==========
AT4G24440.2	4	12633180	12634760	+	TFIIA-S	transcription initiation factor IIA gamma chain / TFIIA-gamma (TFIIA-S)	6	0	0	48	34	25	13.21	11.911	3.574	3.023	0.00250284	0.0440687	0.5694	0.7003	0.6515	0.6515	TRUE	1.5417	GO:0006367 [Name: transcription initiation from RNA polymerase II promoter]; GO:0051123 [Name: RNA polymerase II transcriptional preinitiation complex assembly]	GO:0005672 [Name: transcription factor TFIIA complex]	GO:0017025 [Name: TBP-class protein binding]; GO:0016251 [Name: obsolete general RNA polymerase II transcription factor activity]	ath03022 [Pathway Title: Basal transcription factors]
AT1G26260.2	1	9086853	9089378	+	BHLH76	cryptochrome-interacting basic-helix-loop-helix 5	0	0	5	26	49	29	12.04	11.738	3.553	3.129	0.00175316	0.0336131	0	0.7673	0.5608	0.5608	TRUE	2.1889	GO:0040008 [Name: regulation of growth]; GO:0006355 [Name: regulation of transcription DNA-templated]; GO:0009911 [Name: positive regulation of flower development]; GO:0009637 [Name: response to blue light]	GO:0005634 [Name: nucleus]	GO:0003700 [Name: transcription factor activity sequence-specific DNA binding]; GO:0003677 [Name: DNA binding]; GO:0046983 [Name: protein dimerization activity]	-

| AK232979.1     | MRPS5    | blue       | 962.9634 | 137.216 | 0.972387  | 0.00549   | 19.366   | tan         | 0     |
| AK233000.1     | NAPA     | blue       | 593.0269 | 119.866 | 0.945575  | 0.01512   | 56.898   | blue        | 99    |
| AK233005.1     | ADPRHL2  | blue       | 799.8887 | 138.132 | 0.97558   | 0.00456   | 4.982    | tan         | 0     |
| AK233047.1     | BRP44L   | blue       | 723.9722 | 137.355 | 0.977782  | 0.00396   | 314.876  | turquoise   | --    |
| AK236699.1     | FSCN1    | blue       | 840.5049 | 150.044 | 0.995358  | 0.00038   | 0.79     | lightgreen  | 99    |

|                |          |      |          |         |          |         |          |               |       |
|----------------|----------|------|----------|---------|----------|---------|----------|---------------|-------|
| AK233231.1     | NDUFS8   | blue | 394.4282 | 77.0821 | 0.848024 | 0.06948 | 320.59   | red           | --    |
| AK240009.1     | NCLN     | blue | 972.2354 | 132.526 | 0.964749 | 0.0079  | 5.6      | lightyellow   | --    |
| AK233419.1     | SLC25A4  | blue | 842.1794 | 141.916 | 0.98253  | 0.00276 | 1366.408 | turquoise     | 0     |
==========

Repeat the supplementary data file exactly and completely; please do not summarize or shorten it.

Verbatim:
AT4G24440.2	4	12633180	12634760	+	TFIIA-S	transcription initiation factor IIA gamma chain / TFIIA-gamma (TFIIA-S)	6	0	0	48	34	25	13.21	11.911	3.574	3.023	0.00250284	0.0440687	0.5694	0.7003	0.6515	0.6515	TRUE	1.5417	GO:0006367 [Name: transcription initiation from RNA polymerase II promoter]; GO:0051123 [Name: RNA polymerase II transcriptional preinitiation complex assembly]	GO:0005672 [Name: transcription factor TFIIA complex]	GO:0017025 [Name: TBP-class protein binding]; GO:0016251 [Name: obsolete general RNA polymerase II transcription factor activity]	ath03022 [Pathway Title: Basal transcription factors]
AT1G26260.2	1	9086853	9089378	+	BHLH76	cryptochrome-interacting basic-helix-loop-helix 5	0	0	5	26	49	29	12.04	11.738	3.553	3.129	0.00175316	0.0336131	0	0.7673	0.5608	0.5608	TRUE	2.1889	GO:0040008 [Name: regulation of growth]; GO:0006355 [Name: regulation of transcription DNA-templated]; GO:0009911 [Name: positive regulation of flower development]; GO:0009637 [Name: response to blue light]	GO:0005634 [Name: nucleus]	GO:0003700 [Name: transcription factor activity sequence-specific DNA binding]; GO:0003677 [Name: DNA binding]; GO:0046983 [Name: protein dimerization activity]	-

| AK232979.1     | MRPS5    | blue       | 962.9634 | 137.216 | 0.972387  | 0.00549   | 19.366   | tan         | 0     |
| AK233000.1     | NAPA     | blue       | 593.0269 | 119.866 | 0.945575  | 0.01512   | 56.898   | blue        | 99    |
| AK233005.1     | ADPRHL2  | blue       | 799.8887 | 138.132 | 0.97558   | 0.00456   | 4.982    | tan         | 0     |
| AK233047.1     | BRP44L   | blue       | 723.9722 | 137.355 | 0.977782  | 0.00396   | 314.876  | turquoise   | --    |
| AK236699.1     | FSCN1    | blue       | 840.5049 | 150.044 | 0.995358  | 0.00038   | 0.79     | lightgreen  | 99    |

|                |          |      |          |         |          |         |          |               |       |
|----------------|----------|------|----------|---------|----------|---------|----------|---------------|-------|
| AK233231.1     | NDUFS8   | blue | 394.4282 | 77.0821 | 0.848024 | 0.06948 | 320.59   | red           | --    |
| AK240009.1     | NCLN     | blue | 972.2354 | 132.526 | 0.964749 | 0.0079  | 5.6      | lightyellow   | --    |
| AK233419.1     | SLC25A4  | blue | 842.1794 | 141.916 | 0.98253  | 0.00276 | 1366.408 | turquoise     | 0     |